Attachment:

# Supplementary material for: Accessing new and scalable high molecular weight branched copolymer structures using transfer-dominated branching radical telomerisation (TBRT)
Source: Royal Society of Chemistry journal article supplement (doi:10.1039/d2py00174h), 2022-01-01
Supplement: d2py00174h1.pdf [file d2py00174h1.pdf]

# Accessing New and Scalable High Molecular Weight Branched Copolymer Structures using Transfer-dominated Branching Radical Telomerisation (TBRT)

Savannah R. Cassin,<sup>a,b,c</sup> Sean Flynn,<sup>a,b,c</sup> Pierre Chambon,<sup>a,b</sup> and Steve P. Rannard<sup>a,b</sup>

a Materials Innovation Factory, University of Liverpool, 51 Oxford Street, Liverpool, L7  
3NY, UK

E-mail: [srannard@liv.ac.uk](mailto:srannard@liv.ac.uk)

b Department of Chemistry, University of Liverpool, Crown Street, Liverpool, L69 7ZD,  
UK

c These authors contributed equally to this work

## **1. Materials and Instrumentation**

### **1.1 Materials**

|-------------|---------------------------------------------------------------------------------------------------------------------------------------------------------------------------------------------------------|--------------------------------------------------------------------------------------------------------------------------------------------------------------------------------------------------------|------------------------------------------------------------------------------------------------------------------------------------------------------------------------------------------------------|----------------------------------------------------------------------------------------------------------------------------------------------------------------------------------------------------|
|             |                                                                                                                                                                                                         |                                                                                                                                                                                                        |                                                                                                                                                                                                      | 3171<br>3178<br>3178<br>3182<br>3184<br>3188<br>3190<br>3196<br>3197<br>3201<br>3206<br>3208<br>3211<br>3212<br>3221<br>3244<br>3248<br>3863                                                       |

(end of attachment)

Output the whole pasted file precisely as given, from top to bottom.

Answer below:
# Supplementary material for: Accessing new and scalable high molecular weight branched copolymer structures using transfer-dominated branching radical telomerisation (TBRT)
Source: Royal Society of Chemistry journal article supplement (doi:10.1039/d2py00174h), 2022-01-01
Supplement: d2py00174h1.pdf [file d2py00174h1.pdf]

# Accessing New and Scalable High Molecular Weight Branched Copolymer Structures using Transfer-dominated Branching Radical Telomerisation (TBRT)

Savannah R. Cassin,<sup>a,b,c</sup> Sean Flynn,<sup>a,b,c</sup> Pierre Chambon,<sup>a,b</sup> and Steve P. Rannard<sup>a,b</sup>

a Materials Innovation Factory, University of Liverpool, 51 Oxford Street, Liverpool, L7  
3NY, UK

E-mail: [srannard@liv.ac.uk](mailto:srannard@liv.ac.uk)

b Department of Chemistry, University of Liverpool, Crown Street, Liverpool, L69 7ZD,  
UK

c These authors contributed equally to this work

## **1. Materials and Instrumentation**

### **1.1 Materials**

|-------------|---------------------------------------------------------------------------------------------------------------------------------------------------------------------------------------------------------|--------------------------------------------------------------------------------------------------------------------------------------------------------------------------------------------------------|------------------------------------------------------------------------------------------------------------------------------------------------------------------------------------------------------|----------------------------------------------------------------------------------------------------------------------------------------------------------------------------------------------------|
|             |                                                                                                                                                                                                         |                                                                                                                                                                                                        |                                                                                                                                                                                                      | 3171<br>3178<br>3178<br>3182<br>3184<br>3188<br>3190<br>3196<br>3197<br>3201<br>3206<br>3208<br>3211<br>3212<br>3221<br>3244<br>3248<br>3863                                                       |